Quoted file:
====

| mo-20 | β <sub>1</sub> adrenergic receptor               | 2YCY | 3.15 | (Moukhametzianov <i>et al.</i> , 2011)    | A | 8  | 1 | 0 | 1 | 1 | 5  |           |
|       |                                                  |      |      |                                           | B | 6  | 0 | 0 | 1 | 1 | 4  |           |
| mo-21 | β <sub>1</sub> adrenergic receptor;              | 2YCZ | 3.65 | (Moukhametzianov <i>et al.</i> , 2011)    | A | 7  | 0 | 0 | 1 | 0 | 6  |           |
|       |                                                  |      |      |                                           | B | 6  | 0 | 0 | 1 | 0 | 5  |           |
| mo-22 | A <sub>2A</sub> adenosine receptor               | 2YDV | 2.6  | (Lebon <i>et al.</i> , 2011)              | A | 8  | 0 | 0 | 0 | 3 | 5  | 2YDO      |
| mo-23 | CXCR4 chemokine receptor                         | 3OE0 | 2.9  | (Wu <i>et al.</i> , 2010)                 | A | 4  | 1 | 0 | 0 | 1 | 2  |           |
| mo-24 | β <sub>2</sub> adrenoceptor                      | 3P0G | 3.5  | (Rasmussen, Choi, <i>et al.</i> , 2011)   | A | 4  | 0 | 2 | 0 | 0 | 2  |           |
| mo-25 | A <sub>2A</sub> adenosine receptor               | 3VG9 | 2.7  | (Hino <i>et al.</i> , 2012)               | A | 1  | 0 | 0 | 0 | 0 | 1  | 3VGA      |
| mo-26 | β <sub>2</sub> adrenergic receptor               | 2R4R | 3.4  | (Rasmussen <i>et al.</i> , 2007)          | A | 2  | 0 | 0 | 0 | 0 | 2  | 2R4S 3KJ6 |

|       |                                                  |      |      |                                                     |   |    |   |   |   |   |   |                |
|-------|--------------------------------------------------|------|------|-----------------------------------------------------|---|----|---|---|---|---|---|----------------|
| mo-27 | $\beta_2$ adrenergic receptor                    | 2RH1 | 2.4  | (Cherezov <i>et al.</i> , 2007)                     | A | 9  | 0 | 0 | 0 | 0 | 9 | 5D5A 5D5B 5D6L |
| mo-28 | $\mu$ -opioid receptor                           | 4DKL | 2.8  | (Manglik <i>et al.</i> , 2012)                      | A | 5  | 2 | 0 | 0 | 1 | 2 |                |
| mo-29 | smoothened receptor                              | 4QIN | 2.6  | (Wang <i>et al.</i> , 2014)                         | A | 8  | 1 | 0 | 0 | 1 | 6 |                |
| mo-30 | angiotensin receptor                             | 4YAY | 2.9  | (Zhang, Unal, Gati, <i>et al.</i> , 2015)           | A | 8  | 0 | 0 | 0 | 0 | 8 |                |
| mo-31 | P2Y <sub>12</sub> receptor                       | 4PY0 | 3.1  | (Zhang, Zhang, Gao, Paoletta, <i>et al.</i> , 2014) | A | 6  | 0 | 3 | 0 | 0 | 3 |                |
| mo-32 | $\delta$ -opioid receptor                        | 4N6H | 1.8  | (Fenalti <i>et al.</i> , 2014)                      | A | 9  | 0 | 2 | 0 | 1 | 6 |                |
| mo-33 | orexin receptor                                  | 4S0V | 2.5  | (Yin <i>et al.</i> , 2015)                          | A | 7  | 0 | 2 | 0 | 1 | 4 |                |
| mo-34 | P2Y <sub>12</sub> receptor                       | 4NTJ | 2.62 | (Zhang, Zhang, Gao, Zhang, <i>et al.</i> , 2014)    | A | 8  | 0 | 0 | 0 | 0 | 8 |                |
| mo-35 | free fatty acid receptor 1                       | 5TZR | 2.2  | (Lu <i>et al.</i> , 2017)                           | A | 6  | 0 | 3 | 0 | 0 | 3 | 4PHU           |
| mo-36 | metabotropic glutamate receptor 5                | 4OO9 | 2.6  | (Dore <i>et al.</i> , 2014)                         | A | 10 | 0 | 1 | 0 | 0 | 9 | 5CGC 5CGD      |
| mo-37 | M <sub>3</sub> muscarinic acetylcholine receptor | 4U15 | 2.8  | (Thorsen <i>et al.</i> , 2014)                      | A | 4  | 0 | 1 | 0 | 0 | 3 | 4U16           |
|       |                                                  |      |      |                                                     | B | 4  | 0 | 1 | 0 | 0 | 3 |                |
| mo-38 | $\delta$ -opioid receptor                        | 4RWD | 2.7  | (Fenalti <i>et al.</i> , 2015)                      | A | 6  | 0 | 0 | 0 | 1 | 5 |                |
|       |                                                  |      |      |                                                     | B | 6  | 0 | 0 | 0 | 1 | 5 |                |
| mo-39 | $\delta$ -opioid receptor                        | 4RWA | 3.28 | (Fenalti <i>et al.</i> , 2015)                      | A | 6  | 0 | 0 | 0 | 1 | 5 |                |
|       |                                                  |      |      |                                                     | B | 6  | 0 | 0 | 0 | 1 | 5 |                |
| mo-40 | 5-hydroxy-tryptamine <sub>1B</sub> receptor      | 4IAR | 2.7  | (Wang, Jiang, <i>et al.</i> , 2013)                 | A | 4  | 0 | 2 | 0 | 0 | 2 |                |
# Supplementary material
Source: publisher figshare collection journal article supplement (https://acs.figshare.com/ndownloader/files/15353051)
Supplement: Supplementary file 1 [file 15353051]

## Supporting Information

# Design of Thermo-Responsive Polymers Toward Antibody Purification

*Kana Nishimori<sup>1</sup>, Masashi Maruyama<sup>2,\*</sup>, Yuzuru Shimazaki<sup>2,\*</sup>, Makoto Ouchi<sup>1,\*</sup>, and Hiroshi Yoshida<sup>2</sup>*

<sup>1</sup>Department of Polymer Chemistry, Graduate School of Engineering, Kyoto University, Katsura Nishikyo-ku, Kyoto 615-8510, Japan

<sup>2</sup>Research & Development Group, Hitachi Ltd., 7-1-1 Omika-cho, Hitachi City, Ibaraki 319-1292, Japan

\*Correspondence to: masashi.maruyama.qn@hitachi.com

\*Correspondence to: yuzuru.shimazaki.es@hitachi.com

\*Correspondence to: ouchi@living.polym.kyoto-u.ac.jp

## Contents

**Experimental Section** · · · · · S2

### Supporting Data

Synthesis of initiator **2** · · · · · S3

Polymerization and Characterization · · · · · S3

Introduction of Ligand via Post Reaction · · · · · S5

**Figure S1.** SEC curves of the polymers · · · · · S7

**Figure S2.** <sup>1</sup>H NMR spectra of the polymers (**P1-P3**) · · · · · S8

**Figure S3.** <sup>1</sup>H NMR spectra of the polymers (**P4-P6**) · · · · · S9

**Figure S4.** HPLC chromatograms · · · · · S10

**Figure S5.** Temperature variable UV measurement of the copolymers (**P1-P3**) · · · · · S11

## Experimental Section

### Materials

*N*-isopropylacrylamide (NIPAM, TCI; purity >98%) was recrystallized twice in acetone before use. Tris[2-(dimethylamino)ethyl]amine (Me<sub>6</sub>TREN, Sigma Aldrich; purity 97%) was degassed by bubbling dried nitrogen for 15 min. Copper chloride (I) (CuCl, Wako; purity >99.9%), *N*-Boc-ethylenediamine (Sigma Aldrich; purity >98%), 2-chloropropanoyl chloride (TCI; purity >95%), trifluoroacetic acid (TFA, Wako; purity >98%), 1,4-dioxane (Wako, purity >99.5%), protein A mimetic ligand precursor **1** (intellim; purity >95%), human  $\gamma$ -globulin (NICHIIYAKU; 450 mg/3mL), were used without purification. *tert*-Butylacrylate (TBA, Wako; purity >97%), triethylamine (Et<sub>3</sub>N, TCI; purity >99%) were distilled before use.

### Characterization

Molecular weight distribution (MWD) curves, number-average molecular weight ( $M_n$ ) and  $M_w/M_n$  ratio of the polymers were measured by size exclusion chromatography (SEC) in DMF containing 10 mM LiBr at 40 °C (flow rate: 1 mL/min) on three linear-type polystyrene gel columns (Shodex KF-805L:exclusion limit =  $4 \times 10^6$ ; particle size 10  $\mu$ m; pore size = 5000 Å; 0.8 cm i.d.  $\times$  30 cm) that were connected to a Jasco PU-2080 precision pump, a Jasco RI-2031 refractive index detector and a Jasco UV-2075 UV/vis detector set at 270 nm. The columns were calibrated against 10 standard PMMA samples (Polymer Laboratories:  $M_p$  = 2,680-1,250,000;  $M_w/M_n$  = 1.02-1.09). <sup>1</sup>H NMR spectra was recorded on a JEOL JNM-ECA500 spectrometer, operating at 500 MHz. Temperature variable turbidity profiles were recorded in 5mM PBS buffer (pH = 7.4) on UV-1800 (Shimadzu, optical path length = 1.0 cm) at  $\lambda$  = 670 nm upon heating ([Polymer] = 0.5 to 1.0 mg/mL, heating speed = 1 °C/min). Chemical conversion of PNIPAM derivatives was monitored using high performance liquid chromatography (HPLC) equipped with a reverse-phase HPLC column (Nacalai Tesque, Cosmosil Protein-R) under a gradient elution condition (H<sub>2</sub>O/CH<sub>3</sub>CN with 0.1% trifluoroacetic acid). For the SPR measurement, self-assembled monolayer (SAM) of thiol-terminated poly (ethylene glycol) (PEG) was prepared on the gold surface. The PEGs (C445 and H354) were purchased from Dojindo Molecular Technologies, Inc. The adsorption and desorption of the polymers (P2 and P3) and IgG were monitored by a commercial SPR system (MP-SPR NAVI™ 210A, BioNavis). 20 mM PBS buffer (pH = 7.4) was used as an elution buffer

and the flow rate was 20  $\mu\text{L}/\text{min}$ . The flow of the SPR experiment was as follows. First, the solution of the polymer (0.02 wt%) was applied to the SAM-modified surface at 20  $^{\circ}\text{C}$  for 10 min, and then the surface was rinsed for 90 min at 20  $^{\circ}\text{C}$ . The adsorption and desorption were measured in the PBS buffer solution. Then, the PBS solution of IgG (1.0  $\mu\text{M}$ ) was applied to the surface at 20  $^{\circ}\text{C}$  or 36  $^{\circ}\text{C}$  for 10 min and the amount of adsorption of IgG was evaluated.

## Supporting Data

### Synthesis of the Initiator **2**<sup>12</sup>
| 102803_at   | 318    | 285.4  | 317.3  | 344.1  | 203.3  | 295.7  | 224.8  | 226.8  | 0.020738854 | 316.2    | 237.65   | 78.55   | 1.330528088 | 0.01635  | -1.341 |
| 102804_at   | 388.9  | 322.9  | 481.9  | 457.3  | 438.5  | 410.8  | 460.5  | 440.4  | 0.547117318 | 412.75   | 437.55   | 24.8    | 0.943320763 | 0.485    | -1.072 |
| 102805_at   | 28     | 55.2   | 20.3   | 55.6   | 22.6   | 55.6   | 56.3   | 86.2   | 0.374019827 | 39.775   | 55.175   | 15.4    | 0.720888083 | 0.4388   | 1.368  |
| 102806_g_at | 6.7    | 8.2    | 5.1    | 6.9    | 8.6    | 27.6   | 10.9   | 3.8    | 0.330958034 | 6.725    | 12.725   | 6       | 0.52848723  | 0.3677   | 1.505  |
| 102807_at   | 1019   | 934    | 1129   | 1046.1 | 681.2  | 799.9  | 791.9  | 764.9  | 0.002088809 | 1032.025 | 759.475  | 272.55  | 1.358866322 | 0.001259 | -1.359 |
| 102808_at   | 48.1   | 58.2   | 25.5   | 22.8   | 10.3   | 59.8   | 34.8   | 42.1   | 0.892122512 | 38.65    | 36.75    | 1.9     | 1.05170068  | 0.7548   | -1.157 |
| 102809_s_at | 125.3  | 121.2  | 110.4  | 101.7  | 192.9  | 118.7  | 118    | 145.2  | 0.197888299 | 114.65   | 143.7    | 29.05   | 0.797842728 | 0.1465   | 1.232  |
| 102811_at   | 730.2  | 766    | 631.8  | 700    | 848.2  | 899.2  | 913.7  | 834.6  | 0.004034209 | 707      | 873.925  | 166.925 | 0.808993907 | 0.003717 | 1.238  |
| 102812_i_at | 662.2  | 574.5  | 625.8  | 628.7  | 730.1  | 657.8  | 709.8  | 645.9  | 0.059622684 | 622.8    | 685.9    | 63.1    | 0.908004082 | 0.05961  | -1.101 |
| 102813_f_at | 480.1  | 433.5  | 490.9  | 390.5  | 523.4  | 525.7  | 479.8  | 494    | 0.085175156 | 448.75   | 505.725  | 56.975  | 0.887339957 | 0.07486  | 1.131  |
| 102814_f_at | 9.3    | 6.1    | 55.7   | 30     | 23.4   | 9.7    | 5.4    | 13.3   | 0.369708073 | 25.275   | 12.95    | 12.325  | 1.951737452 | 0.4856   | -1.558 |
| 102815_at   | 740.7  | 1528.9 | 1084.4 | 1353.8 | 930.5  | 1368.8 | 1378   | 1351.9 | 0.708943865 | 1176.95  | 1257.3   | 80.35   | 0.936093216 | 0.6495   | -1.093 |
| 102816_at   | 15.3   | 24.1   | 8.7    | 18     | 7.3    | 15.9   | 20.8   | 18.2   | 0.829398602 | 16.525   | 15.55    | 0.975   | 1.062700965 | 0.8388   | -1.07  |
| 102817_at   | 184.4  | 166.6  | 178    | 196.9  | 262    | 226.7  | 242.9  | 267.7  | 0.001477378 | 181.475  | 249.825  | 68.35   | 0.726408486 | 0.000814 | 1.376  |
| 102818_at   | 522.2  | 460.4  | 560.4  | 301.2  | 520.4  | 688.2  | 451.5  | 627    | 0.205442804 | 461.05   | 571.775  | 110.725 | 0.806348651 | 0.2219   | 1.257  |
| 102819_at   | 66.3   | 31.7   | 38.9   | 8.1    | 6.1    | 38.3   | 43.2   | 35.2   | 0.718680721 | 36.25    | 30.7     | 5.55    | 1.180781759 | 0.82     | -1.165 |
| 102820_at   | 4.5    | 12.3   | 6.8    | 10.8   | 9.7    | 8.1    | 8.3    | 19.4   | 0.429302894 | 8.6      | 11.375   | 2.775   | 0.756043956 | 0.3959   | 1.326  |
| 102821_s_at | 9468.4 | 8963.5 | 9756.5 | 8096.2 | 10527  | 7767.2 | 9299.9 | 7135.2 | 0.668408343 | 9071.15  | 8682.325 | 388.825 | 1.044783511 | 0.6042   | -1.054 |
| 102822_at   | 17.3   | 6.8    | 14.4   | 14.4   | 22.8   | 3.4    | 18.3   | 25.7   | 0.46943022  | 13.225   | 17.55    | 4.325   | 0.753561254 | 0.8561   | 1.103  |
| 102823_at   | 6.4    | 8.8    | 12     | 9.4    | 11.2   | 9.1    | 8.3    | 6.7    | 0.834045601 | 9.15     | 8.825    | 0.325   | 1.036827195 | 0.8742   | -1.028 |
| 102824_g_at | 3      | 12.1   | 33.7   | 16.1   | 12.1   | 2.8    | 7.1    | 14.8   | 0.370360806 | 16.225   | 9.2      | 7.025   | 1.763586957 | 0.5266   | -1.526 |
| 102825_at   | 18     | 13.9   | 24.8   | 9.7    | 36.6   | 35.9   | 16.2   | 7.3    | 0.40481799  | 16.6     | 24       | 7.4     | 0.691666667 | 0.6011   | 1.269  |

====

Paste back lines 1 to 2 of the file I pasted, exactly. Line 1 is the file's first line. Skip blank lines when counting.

| mo-20 | β <sub>1</sub> adrenergic receptor               | 2YCY | 3.15 | (Moukhametzianov <i>et al.</i> , 2011)    | A | 8  | 1 | 0 | 1 | 1 | 5  |           |
|       |                                                  |      |      |                                           | B | 6  | 0 | 0 | 1 | 1 | 4  |           |